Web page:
Tired, predictable, and unquestionably weak, Criminal is a disappointment, but not a surprise. Unfortunately, there’s not much more to say than that—Ariel Vroman’s latest work is just…bad. And, yes, there’s a whole host of technical reasons why this is the case, but there’s no getting around the fact that Criminal simply isn’t fun to watch. Of course, good films are not necessarily required to correlate with the “fun factor,” but when the movie is marketed as an action-packed, high-octane thriller, audiences are in store for a big disappointment.
Criminal stars Kevin Costner as Jericho Stewart, a death-row inmate who has his memories replaced with a deceased CIA agent’s so that he can complete the agent’s final mission, which the agent failed to finish. Does this premise sound incohesive and potentially frustrating for the audience? Bad news: it is. At the heart of Criminal is extremely fractured writing, which serves to splinter the story into various shards of action, character development, and storytelling. How these pieces are supposed to fit together is obvious, but they never truly slide into place to form an enjoyable, complete film. Actors stumble through their parts, not because of incompetence, but a mere lack of material to work with—this is an especially sad reality given the exceptionally stellar cast that Criminal has.
Costner, talented as he may be, does not make for a convincing anti-hero. At this point in his career, he is far too intertwined with his Field of Dreams, “good-ol’-boy” charm, and it rubs the nature of his character in all the wrong ways. Ryan Reynolds is nothing more than mediocre, standing in stark contrast with his big hit this year, Deadpool. This is mostly irrelevant anyway, considering his minimal screen time. In fact, Criminal tragically underuses its cast across the board. Tommy Lee Jones has one of the more enjoyable performances in the film, but barely makes it into the final cut. Gal Gadot falls into much the same trap—audiences spend the entirety of Criminal waiting for her to deliver at the level she typically does, but her performance never seems to come to completion. Gary Oldman is perhaps the only major star besides Costner that is used properly, but once again, his efforts this go-around fall rather short compared to previous work.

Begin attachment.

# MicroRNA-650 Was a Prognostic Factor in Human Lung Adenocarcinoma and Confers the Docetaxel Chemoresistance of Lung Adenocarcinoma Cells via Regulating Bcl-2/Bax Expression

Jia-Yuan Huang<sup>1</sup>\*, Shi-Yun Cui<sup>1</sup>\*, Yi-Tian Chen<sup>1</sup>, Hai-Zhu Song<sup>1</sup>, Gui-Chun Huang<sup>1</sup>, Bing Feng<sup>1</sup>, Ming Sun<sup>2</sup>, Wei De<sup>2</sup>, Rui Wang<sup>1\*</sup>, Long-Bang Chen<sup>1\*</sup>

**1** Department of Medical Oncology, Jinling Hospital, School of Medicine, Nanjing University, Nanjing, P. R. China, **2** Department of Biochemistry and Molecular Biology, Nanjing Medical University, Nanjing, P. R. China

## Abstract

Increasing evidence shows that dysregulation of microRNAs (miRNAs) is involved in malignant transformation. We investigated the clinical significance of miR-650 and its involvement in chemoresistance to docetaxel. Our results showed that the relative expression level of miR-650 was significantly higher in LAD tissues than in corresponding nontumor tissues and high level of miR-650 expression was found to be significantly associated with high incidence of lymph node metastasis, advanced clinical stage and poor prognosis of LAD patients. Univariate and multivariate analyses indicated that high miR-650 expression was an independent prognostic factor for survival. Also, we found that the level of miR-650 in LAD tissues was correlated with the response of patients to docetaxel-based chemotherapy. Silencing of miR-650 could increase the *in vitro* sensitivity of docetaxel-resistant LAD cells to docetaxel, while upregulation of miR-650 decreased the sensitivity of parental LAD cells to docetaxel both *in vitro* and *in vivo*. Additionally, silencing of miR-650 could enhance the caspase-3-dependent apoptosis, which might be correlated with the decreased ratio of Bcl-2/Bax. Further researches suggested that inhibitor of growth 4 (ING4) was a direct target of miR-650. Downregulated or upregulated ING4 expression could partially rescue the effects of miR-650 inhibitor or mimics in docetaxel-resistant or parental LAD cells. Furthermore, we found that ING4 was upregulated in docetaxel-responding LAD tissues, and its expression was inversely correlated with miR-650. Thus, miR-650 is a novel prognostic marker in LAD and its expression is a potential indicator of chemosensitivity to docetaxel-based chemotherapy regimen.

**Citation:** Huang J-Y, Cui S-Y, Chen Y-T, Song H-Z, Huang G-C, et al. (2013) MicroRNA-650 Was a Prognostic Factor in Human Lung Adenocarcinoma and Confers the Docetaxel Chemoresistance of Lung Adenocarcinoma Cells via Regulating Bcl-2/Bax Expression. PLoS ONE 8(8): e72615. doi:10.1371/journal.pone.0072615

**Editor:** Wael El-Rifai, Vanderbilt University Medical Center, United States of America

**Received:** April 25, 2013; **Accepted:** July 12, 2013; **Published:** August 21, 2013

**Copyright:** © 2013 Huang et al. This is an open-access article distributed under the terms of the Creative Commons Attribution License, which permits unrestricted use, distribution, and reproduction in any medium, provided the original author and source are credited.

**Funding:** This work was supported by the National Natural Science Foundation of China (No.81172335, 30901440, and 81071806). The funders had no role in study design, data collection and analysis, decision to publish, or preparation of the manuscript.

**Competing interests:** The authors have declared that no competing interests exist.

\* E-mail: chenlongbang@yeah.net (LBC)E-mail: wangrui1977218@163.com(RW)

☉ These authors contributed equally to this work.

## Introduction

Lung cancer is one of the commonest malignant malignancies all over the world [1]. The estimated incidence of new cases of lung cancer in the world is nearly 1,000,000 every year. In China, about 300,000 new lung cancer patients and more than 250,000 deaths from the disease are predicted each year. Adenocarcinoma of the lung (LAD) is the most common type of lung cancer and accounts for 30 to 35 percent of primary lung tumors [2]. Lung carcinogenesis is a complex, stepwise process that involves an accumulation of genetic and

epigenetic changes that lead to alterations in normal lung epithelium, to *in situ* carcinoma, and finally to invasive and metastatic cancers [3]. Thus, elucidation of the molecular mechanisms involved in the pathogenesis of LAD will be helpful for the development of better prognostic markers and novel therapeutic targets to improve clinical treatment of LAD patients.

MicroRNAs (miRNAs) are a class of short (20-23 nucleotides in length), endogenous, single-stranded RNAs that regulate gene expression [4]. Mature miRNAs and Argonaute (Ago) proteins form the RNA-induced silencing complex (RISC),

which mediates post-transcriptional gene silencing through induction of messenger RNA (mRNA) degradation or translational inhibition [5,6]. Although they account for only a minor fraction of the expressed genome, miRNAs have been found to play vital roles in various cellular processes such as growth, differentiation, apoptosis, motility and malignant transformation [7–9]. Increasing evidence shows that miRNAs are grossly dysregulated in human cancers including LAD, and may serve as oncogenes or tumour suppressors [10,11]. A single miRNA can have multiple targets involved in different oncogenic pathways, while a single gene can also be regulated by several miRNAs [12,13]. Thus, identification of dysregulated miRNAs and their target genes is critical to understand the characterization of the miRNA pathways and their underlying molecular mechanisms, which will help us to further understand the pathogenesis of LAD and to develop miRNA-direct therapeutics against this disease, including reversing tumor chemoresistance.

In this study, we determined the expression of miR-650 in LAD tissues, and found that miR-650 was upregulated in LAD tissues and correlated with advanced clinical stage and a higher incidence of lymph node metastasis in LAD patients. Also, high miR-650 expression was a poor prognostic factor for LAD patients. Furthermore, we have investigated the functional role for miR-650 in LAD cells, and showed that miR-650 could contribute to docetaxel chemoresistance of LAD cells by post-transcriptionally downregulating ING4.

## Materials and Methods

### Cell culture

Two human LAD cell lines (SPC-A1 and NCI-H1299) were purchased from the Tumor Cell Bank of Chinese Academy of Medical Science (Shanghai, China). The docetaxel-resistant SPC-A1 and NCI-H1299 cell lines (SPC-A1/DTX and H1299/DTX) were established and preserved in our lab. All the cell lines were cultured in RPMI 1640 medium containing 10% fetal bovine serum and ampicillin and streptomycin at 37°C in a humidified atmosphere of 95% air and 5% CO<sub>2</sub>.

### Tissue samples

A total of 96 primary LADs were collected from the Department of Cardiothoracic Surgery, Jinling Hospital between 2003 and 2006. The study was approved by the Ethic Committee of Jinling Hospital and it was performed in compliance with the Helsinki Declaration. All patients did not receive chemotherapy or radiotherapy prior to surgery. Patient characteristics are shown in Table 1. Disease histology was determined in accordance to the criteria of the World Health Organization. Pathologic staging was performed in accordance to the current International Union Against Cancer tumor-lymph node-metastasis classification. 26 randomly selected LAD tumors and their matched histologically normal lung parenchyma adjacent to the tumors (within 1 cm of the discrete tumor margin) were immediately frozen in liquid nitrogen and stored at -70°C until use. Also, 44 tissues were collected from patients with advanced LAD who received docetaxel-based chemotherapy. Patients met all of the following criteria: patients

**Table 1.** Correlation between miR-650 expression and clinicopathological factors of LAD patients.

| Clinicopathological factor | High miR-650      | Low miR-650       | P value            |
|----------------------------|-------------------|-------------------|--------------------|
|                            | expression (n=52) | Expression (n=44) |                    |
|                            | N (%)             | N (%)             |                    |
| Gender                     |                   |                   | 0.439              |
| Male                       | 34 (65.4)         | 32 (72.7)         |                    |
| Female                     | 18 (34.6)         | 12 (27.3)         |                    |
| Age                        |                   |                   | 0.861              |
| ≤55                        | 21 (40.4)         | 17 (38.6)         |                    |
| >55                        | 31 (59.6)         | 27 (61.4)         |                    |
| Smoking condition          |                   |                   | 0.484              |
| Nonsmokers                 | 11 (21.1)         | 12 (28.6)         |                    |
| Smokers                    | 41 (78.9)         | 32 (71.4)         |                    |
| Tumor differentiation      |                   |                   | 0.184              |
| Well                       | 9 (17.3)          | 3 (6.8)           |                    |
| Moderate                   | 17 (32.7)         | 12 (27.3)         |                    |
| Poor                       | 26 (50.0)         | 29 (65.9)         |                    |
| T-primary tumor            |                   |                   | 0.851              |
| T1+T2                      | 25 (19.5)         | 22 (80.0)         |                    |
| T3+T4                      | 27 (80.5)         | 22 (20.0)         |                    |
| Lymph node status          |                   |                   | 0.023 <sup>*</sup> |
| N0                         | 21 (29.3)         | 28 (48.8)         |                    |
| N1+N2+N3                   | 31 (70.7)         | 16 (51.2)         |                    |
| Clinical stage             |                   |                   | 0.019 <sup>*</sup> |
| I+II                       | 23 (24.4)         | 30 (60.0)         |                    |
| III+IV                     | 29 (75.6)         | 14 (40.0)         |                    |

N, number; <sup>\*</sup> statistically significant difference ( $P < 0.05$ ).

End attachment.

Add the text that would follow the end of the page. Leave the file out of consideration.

On the technical end of the film, some proper strides are made: for example, the cinematography, done by Dana Gonzales (Crash, Iron Man 2), is the high point of the movie. Shots are wonderfully crafted, and nearly every action scene, while violent and flashy, is simple to follow without becoming worn out. It is clear that Gonzales has a talent in the area of shooting chase scenes, as these are the best elements of Criminal’s action. The score, by Brian Tyler, is passable, adding to the experience while not being overly distracting. In its production, Criminal makes a fair run at being a good film, making it all the more unfortunate that its writing is so laughably weak.
Criminal, at its core, is simply seeking to be something that it isn’t. Vroman’s inspirations are obvious: The Bourne trilogy, Die Hard, Mission: Impossible, and every other hardline action film that seeks to have a brain on the side. And therein lies the problem: Criminal has no brain at all. And not for a lack of trying, either—its premise is original, but it’s executed so poorly that any joy derived from watching the film comes in extremely small quantities. If at all. It does its action right, yes, but with no substance to back it up, the entirety of Vroman’s work just falls flat. Criminal is an exercise in stupidity, proving yet again that explosions without stories are entertaining to no one.
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